As we have noted before, the U.S. is the only such country without a mass left party — and every effort to form one over the decades has been weakened by red-baiting, repression, the opposition of a formidable commercial and governmental propaganda apparatus, and the reluctance of the progressive left and labor to turn away from the Democratic Party and work with others on the left to build a mass third political party to challenge the hegemony of the two parties of big business.

The American people are told that the only way to bring about a good government that really cares about the people is in the voting booth. But at the booth the choice for the upper classes usually consists of “good” and “lesser good” political candidates, with “evil” and “lesser evil” candidates for everybody else.

Many Democrats in 2008 thought President Obama was a “good” candidate who would govern from the liberal or progressive “left,” but in practice this was shown to be fictitious. They will now vote for him again in 2012 as a lesser evil candidate because he is the only available viable alternative is some god-awful reactionary who will strip them of their Social Security. This tends to bedevil the liberal/progressive voting bloc every four years. (Note: We say “viable” in the sense of being able to win; there are left candidates from small parties who are better and deserve a vote, but the system is stacked against them.)

At this point, because many of the Democratic House members who lost last November were center-rightists and Blue Dogs defeated by far-right Republicans backed by the reactionary Tea Party, there are more liberals and progressives among the Democratic ranks than usual. A total of  83 out of 193 Democrats belong to the Congressional Progressives Caucus — and they are rendered virtually powerless by President Obama, House leaders, and the bigwigs and money people behind the Democratic Party. In April the caucus introduced a liberal People’s Budget to challenge Obama’s center-right offering and the GOP’s ultra-conservative proposal, but as The Nation noted May 9, it was simply “ignored by establishment Democrats.”

The Republican Party has moved considerably farther to the right in recent decades. Just look at its antics in Congress and in the state legislatures today. They are trying to break the unions and destroy all the social advances of the last 75 years. It’s not that the GOP is so powerful, but the Democrats are compromising and weak, partially because they are moving to the right themselves behind a leadership hell-bent on compromise with the right wing.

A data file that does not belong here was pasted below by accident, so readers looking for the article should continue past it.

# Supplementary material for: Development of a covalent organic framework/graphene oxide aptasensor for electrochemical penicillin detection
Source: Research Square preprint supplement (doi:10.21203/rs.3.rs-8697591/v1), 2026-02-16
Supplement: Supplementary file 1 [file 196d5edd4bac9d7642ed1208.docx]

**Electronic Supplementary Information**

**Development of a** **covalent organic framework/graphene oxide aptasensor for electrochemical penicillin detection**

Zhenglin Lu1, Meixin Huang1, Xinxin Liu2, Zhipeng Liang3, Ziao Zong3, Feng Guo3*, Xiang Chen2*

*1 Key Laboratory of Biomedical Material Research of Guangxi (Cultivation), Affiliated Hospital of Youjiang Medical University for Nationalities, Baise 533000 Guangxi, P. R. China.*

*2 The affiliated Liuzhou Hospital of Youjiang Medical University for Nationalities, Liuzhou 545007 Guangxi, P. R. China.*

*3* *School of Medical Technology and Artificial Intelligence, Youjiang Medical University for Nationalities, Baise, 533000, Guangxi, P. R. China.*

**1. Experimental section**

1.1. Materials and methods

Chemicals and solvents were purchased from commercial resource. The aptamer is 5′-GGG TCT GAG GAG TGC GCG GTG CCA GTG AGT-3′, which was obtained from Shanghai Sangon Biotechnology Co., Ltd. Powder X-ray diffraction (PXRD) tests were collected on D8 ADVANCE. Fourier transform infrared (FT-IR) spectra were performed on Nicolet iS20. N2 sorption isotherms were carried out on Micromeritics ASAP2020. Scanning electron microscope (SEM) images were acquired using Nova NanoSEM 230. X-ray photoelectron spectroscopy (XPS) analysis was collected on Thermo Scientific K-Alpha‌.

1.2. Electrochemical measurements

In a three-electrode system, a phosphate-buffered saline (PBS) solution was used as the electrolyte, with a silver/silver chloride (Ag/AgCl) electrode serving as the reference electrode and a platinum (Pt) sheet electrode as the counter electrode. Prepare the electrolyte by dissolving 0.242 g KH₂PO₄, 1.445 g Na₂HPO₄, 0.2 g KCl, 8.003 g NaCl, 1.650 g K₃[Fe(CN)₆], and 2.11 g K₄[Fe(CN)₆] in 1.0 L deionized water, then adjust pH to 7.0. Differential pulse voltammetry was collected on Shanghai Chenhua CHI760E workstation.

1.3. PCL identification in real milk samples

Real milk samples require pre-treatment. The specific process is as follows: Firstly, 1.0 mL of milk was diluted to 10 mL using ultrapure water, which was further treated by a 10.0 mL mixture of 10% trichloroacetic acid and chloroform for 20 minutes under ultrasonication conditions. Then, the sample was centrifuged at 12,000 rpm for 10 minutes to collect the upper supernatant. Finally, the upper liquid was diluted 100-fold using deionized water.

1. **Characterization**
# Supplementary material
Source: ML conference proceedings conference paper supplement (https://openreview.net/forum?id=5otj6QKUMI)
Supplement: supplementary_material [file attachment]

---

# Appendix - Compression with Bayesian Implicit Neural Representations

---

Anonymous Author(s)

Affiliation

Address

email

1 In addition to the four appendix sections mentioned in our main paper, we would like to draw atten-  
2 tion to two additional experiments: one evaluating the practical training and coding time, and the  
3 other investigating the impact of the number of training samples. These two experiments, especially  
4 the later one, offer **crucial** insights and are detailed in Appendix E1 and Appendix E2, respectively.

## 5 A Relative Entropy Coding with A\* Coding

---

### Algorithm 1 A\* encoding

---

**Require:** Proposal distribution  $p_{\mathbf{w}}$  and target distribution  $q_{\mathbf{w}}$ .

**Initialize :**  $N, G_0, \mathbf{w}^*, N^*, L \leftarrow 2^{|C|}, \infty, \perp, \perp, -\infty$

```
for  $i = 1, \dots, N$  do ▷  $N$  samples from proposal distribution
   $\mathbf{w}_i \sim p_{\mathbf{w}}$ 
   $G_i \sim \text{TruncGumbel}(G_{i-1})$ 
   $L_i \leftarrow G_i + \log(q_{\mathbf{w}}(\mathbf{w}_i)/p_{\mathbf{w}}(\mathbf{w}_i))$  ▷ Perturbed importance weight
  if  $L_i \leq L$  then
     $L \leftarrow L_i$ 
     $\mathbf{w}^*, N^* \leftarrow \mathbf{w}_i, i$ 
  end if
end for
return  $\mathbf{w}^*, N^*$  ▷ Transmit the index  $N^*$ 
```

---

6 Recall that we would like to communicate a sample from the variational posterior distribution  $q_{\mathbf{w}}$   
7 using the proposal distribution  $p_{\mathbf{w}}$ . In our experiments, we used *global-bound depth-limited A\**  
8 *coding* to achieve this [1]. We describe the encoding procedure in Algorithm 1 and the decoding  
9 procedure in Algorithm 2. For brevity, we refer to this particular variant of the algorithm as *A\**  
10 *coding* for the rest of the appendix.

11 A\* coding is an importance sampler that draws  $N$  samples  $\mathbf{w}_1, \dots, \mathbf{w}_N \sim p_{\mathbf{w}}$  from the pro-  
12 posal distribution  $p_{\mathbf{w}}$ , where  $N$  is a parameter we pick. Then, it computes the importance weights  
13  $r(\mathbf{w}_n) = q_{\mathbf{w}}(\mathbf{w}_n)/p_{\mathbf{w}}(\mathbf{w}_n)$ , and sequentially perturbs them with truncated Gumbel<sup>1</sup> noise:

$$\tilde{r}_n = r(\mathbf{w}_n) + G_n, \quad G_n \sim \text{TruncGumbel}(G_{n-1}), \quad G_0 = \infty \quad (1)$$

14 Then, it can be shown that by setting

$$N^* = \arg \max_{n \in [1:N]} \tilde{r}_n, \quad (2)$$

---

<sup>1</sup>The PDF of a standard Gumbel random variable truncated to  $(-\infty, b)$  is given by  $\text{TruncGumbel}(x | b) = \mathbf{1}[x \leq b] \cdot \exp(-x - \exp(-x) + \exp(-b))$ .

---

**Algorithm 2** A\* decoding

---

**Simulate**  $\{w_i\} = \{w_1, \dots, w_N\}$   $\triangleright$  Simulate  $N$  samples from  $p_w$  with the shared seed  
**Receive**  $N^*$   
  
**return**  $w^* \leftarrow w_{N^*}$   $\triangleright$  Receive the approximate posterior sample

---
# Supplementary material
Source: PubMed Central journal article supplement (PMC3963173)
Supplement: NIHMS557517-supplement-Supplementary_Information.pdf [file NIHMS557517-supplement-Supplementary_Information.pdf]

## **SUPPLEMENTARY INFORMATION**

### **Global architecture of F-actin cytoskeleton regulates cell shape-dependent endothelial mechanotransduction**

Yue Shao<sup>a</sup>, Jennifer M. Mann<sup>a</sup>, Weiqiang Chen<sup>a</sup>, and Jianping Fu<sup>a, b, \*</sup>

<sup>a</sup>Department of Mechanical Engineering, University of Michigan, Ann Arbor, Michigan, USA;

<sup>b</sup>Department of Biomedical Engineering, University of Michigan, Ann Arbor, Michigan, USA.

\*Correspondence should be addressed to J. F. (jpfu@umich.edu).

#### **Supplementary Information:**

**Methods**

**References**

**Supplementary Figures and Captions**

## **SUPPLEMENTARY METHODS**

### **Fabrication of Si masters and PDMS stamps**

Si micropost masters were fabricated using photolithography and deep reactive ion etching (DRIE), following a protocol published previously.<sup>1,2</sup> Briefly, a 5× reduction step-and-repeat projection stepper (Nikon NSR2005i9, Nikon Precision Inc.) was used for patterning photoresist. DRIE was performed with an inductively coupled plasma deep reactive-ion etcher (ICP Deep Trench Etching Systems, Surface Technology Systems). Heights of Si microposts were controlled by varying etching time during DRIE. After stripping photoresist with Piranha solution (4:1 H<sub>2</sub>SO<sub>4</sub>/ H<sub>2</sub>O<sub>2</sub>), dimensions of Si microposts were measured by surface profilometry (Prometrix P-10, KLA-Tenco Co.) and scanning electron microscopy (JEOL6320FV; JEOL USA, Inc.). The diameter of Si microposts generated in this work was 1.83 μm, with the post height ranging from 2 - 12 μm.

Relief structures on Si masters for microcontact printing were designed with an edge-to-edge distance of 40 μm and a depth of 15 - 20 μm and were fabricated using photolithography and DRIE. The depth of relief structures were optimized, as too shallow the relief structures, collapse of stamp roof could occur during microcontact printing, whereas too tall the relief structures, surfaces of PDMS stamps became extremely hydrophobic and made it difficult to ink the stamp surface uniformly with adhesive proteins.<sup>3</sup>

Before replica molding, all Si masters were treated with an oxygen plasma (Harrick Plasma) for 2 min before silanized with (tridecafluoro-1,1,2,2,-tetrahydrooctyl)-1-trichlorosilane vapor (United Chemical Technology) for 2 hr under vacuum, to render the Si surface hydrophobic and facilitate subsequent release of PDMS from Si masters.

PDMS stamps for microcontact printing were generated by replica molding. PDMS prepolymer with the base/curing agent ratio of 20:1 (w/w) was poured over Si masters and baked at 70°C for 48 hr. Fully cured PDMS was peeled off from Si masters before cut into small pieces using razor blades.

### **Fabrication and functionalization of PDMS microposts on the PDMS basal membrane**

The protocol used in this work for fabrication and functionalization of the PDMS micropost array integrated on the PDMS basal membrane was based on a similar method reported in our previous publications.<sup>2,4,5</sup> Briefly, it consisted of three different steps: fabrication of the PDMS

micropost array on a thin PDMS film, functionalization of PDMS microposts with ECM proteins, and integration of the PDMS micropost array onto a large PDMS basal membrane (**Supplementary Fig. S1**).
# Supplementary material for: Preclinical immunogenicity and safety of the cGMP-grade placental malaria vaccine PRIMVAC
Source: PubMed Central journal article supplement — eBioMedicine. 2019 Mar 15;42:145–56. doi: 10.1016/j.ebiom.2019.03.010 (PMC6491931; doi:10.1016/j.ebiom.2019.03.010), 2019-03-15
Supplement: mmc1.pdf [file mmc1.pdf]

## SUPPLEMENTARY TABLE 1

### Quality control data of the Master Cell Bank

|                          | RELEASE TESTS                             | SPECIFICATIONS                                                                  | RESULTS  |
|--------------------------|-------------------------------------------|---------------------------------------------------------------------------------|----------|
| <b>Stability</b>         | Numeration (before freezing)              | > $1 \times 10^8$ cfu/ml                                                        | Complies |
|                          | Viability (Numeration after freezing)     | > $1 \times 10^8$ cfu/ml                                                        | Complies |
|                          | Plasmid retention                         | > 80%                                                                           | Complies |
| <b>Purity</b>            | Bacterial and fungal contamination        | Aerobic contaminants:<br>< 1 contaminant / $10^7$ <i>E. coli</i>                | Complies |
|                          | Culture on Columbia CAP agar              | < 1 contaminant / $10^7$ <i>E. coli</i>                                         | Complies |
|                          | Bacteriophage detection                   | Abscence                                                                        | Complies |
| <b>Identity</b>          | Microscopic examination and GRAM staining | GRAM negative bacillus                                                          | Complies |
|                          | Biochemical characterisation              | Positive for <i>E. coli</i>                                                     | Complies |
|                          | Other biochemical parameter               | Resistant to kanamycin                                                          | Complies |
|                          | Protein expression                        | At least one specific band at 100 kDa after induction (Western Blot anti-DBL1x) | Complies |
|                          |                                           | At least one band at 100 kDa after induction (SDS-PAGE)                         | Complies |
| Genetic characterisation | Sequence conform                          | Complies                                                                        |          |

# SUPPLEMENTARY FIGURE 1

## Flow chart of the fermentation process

It hasn’t always been this way. The old Democratic Party, going back nearly eight decades, harbored a vibrant center-left wing for several years during the 1930s and a few more during the 1960s.

Now, the Democratic Party is positioned on the center-right (similar to the old “moderate” Republican tendency that was drummed out of the GOP decades ago), though it continues to harbor a minority center left faction of remnant liberalism and a smattering of social democrats. This worthy but sidelined vestige, which defends the old victories and remains guided by the ideals of modern liberalism, inadvertently provides the backsliding party with an undeserved liberal patina.

In the 1930s the Democratic Party moved partially to the left in order to save capitalism during the Great Depression by inaugurating a number of social-democratic reforms that pumped money into the economy and kept the working class away from socialist revolution. (Remember, there was a swiftly developing Soviet Union at the time and it was essentially the only country in the world untouched by the Depression.) This was the period of President Franklyn D. Roosevelt’s New Deal, which began dissipating with the approach to World War 2 (1941-45).

Though largely unwarranted, the party’s center left reputation lingered for years afterwards, because of its continuing defense of the Depression-era programs (such as Social Security), and due to the phenomenal post-war growth of the union movement. At the same time, it was the Democrats who ruled Dixie and were the prime supporters of racial segregation, as they were of the Cold War.

In the mid-1960s the Democratic Party again moved to the center left, partially because the ’60s were more radical times. There were two main reasons.

• One was in response to the extraordinary struggle against racial segregation and injustice led by the African American people’s movement (and white supporters) since the mid-1950s that had become acute by the mid-1960s. Had the economic/political elite that governs America continued to ignore the battle for racial equality and withhold democratic reforms, there was a possibility of a mass social upheaval. (The social struggle — not the ballot box — principally obtained these civil rights reforms, as it has virtually every significant social advance in American history.)

• The other reason was the mass rebellion — initially led by youth and the left and ultimately extending to much of the middle class and other sectors of America — against conservative social/cultural strictures and right wing ideology, the Vietnam war, the anti-left political repression continuing from the 1950s, de facto racial injustice, male supremacy, overt female oppression, sexual hypocrisy, homophobia, and various other backward ills.